||Revolt of the Pueblo Indians of New Mexico and Otermín's Attempted Reconquest, 1680-1682 [volume 8--excerpt]
||Hackett, Charles Wilson (editor) and Charmion Clair Shelby (translator). Revolt of the Pueblo Indians of New Mexico and Otermín's Attempted Reconquest, 1680-1682. (Albuquerque: The University of New Mexico Press, 1942). Volume 8, pages 3-23.
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Revolt of the Pueblo Indians, 1680
After the conquest of northern New Mexico by Juan de Oñate
at the turn of the seventeenth century (see documents AJ-010 to
AJ-015 and AJ-101 to AJ-105), Spanish authorities systematically
subjugated the inhabitants of the pueblos. Indians who had lived
and worshiped independently for centuries were forced to abandon
their religions, adopt Christianity, and pay tribute to Spanish
rulers. Their traditional centers of worship (kivas) were
destroyed along with the sacramental objects (kachinas)
with which their ceremonies and devotions had always been performed.
Resistance to Spanish rule was met with imprisonment, torture, and
After three generations of oppression, in the spring of 1680, the
Pueblo Indians rose up to overthrow the Spanish. A religious leader
from Taos Pueblo named Pope (sometimes found as Popay)
secretly organized a widespread rebellion to occur throughout the
region on a single day. Planning took shape silently during the
summer of 1680 in more than 70 communities, from Santa Fe and Taos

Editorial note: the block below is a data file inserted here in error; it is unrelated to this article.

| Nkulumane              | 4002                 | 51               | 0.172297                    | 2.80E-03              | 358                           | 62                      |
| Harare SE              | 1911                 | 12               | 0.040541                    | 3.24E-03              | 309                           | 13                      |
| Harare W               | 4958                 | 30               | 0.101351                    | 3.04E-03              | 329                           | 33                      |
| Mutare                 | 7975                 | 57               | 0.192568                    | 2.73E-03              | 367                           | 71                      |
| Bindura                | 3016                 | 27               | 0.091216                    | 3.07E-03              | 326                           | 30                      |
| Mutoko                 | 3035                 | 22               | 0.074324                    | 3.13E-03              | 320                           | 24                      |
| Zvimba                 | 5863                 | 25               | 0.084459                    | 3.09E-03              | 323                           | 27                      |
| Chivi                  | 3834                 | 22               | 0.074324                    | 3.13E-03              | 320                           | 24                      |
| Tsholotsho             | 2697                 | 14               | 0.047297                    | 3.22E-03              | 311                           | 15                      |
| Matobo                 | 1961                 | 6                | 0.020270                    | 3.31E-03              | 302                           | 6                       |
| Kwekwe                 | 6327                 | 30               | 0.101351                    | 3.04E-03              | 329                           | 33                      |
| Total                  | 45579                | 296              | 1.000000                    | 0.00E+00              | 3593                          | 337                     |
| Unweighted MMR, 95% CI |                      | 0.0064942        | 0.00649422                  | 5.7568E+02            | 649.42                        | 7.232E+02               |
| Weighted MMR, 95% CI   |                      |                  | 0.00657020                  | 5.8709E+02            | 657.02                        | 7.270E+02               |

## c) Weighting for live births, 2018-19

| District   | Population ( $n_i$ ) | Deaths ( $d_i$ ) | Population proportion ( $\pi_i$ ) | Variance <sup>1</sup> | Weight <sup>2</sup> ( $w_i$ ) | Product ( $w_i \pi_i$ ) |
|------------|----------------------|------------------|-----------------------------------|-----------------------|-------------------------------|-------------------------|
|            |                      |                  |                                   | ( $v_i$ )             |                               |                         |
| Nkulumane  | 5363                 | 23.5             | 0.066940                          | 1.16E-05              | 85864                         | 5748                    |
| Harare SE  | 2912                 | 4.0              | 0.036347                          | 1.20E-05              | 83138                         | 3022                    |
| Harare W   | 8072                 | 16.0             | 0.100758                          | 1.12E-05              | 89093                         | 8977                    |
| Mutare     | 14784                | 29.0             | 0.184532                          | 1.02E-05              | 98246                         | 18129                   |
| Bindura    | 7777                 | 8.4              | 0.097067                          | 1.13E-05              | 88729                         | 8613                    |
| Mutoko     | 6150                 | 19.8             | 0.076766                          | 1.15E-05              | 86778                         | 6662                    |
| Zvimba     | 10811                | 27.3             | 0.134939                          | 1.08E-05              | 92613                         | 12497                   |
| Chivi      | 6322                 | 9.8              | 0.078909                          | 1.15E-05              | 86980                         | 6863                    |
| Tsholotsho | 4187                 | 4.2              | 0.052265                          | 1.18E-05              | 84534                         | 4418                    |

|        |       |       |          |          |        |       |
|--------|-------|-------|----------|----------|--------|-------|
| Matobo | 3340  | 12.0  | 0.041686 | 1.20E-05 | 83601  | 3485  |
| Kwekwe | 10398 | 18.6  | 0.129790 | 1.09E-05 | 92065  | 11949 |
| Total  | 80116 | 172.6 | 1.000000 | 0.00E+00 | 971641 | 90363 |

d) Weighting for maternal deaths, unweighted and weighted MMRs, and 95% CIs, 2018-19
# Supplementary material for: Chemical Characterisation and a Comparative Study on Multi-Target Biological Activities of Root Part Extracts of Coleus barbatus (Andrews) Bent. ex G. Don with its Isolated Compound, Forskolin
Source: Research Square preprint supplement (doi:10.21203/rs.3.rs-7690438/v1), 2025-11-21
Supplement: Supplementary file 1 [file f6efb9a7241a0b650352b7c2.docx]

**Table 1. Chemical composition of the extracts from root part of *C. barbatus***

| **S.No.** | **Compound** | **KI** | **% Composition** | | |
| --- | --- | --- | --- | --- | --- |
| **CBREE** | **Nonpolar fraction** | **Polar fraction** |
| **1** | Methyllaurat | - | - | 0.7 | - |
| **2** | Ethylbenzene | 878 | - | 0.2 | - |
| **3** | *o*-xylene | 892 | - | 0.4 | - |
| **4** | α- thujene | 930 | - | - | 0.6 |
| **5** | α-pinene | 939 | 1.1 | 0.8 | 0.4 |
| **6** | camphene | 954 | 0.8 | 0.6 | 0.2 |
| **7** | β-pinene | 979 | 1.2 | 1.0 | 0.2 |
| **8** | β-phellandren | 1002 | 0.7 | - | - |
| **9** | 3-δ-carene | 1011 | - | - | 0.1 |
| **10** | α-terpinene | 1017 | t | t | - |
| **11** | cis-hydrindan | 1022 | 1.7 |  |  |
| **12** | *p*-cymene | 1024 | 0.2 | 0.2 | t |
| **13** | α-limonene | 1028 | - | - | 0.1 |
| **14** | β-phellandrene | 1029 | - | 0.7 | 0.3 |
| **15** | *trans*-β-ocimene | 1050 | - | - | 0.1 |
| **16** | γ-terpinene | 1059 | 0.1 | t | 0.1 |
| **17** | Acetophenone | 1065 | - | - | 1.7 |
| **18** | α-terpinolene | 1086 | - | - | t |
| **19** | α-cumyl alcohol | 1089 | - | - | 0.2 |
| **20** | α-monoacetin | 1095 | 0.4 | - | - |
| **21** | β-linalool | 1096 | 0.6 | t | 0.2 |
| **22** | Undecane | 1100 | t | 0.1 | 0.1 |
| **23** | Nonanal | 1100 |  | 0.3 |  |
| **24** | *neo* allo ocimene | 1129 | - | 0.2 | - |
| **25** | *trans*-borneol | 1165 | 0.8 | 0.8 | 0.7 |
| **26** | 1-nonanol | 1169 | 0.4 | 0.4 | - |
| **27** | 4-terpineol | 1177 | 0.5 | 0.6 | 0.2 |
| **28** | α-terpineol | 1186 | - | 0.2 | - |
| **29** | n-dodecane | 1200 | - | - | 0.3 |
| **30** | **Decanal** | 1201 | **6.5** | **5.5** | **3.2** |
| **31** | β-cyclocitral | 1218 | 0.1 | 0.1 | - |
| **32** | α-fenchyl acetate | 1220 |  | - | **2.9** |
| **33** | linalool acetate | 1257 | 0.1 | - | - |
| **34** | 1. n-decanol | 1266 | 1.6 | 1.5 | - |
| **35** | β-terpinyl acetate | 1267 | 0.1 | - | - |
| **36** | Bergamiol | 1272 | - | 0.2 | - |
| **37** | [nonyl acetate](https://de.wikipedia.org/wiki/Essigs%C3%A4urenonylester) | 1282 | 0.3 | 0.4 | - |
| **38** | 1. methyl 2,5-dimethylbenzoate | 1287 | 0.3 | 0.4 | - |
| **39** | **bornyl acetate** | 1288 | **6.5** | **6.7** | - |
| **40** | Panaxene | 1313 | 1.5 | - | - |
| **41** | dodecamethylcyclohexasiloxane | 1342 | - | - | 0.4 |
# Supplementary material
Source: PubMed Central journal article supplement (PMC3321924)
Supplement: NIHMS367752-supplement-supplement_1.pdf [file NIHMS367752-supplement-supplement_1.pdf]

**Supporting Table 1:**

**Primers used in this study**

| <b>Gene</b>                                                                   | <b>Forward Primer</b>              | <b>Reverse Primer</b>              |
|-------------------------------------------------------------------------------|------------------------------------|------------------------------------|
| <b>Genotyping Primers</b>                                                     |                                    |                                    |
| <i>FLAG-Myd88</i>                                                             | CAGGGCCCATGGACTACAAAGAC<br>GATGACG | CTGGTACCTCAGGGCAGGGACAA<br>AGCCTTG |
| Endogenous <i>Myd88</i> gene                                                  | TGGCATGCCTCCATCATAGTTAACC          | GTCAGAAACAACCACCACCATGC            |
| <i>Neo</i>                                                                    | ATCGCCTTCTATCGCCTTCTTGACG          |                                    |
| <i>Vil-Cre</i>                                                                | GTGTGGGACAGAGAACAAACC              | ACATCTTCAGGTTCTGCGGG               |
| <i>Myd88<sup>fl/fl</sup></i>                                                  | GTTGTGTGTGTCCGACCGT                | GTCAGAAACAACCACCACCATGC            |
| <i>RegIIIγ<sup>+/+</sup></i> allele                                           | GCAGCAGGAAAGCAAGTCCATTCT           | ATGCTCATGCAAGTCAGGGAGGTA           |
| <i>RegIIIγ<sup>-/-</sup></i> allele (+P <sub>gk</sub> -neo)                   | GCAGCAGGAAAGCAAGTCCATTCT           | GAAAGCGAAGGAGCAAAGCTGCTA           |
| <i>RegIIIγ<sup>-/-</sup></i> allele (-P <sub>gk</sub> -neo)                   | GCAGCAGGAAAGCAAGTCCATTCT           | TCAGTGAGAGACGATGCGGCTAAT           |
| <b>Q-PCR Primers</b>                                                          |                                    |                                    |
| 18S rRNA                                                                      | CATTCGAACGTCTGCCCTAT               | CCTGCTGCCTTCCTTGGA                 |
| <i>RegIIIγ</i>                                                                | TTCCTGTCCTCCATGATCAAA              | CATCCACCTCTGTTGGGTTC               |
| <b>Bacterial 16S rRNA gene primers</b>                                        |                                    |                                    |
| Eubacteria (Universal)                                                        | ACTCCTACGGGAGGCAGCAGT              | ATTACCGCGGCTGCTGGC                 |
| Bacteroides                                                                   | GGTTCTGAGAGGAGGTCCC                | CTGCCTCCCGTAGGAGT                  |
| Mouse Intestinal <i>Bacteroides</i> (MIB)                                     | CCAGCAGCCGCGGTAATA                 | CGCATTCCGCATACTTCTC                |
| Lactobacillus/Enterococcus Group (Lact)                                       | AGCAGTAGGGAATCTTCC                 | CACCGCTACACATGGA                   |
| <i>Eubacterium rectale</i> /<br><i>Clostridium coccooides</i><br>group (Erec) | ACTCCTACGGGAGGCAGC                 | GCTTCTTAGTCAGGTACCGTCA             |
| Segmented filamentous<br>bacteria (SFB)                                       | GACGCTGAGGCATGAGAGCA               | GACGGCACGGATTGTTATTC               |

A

in the Rio Grande valley to the Hopi pueblos nearly 300 miles west.
On the night of August 10, 1680, Indians in more than two dozen
pueblos simultaneously attacked the Spanish authorities. A force
of 2,500 Indian warriors sacked and burned the colonial headquarters
in Santa Fe. By the time the revolt succeeded, Indian fighters had
killed more than 400 Spanish soldiers and civilians (including two-thirds
of the Catholic priests in the region) and had driven the surviving
Europeans back to El Paso.
The Indian leaders then restored their own religious institutions
and set up a government that lasted until 1692. The Pueblo Revolt
of 1680 was the single most successful act of resistance by Native
Americans against a European invader. It established Indian independence
in the pueblos for more than a decade, and even after Spanish domination
was re-imposed it forced the imperial authorities to observe religious
tolerance. Ever since the seventeenth century, the cross and the
kiva have existed side by side in pueblo communities.
The documents presented here give both Spanish and Indian versions
of the events of August 1680. AJ-009a includes 13 documents written
in August 1680 by Spanish leader Don Antonio de Otermín as
he attempted to discover what was happening. It includes his reports
and legal documents, as well as depositions by witnesses. Document
AJ-009b is comprised of several interviews conducted by authorities
the following year with Indians who had known about the conspiracy
or been involved in the revolt.
Other Internet and Reference Sources
The volume entitled What Caused the Pueblo Revolt of 1680?
contains additional readings selected and introduced by David J.
Weber and Henry Warner Bowden (Boston: Bedford/St. Martin's,
1999); excerpts are available at
PBS television's web site “New Perspectives on the West” includes
background summaries and additional documents at
The Cibola Project at the University of California-Berkeley
proposes to include newly edited and translated documents about
the Pueblo Revolt of 1680 when it is completed. This project is
described in "Trouble for the Spanish: The Pueblo Revolt of
1680" by Pedro Ponce; in the NEH newsletter Humanities
(Nov.-Dec. 2002, pp. 20-24) available online at
To learn more about Pueblo Indian culture and history, visit the
Indian Pueblo Cultural Center web site at